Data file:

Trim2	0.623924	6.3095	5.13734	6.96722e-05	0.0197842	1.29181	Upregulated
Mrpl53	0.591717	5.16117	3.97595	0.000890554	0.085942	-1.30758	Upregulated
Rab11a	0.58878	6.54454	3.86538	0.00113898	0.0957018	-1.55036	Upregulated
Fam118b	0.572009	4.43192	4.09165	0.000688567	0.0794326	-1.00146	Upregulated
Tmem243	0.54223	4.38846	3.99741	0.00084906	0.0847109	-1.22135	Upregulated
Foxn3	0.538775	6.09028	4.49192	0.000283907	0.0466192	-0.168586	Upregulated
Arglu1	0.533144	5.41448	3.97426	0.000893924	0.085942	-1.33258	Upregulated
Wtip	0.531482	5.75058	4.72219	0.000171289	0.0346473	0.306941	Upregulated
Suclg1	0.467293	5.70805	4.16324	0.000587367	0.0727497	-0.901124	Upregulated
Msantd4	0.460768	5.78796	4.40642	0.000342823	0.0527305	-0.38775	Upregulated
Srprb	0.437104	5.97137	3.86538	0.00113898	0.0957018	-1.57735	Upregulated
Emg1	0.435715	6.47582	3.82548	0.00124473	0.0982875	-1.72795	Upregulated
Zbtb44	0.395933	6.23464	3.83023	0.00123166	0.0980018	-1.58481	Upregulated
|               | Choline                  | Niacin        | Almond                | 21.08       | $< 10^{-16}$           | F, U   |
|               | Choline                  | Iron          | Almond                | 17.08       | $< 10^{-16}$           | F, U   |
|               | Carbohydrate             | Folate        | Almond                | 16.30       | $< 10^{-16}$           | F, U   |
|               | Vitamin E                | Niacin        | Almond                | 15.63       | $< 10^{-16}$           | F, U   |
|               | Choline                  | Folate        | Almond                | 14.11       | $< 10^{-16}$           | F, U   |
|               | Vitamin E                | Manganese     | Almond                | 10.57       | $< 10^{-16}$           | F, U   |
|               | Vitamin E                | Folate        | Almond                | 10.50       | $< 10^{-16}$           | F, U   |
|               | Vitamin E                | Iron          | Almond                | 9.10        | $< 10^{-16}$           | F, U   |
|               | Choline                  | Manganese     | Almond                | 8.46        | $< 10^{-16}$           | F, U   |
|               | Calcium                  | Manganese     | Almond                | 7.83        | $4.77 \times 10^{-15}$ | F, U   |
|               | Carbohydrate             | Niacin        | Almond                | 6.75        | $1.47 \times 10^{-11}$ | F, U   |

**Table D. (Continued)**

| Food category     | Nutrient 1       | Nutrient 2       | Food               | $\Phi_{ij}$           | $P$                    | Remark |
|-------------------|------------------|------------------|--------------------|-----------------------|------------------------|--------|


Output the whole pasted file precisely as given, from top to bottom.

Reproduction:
Trim2	0.623924	6.3095	5.13734	6.96722e-05	0.0197842	1.29181	Upregulated
Mrpl53	0.591717	5.16117	3.97595	0.000890554	0.085942	-1.30758	Upregulated
Rab11a	0.58878	6.54454	3.86538	0.00113898	0.0957018	-1.55036	Upregulated
Fam118b	0.572009	4.43192	4.09165	0.000688567	0.0794326	-1.00146	Upregulated
Tmem243	0.54223	4.38846	3.99741	0.00084906	0.0847109	-1.22135	Upregulated
Foxn3	0.538775	6.09028	4.49192	0.000283907	0.0466192	-0.168586	Upregulated
Arglu1	0.533144	5.41448	3.97426	0.000893924	0.085942	-1.33258	Upregulated
Wtip	0.531482	5.75058	4.72219	0.000171289	0.0346473	0.306941	Upregulated
Suclg1	0.467293	5.70805	4.16324	0.000587367	0.0727497	-0.901124	Upregulated
Msantd4	0.460768	5.78796	4.40642	0.000342823	0.0527305	-0.38775	Upregulated
Srprb	0.437104	5.97137	3.86538	0.00113898	0.0957018	-1.57735	Upregulated
Emg1	0.435715	6.47582	3.82548	0.00124473	0.0982875	-1.72795	Upregulated
Zbtb44	0.395933	6.23464	3.83023	0.00123166	0.0980018	-1.58481	Upregulated
|               | Choline                  | Niacin        | Almond                | 21.08       | $< 10^{-16}$           | F, U   |
|               | Choline                  | Iron          | Almond                | 17.08       | $< 10^{-16}$           | F, U   |
|               | Carbohydrate             | Folate        | Almond                | 16.30       | $< 10^{-16}$           | F, U   |
|               | Vitamin E                | Niacin        | Almond                | 15.63       | $< 10^{-16}$           | F, U   |
|               | Choline                  | Folate        | Almond                | 14.11       | $< 10^{-16}$           | F, U   |
|               | Vitamin E                | Manganese     | Almond                | 10.57       | $< 10^{-16}$           | F, U   |
|               | Vitamin E                | Folate        | Almond                | 10.50       | $< 10^{-16}$           | F, U   |
|               | Vitamin E                | Iron          | Almond                | 9.10        | $< 10^{-16}$           | F, U   |
|               | Choline                  | Manganese     | Almond                | 8.46        | $< 10^{-16}$           | F, U   |
|               | Calcium                  | Manganese     | Almond                | 7.83        | $4.77 \times 10^{-15}$ | F, U   |
|               | Carbohydrate             | Niacin        | Almond                | 6.75        | $1.47 \times 10^{-11}$ | F, U   |

**Table D. (Continued)**

| Food category     | Nutrient 1       | Nutrient 2       | Food               | $\Phi_{ij}$           | $P$                    | Remark |
|-------------------|------------------|------------------|--------------------|-----------------------|------------------------|--------|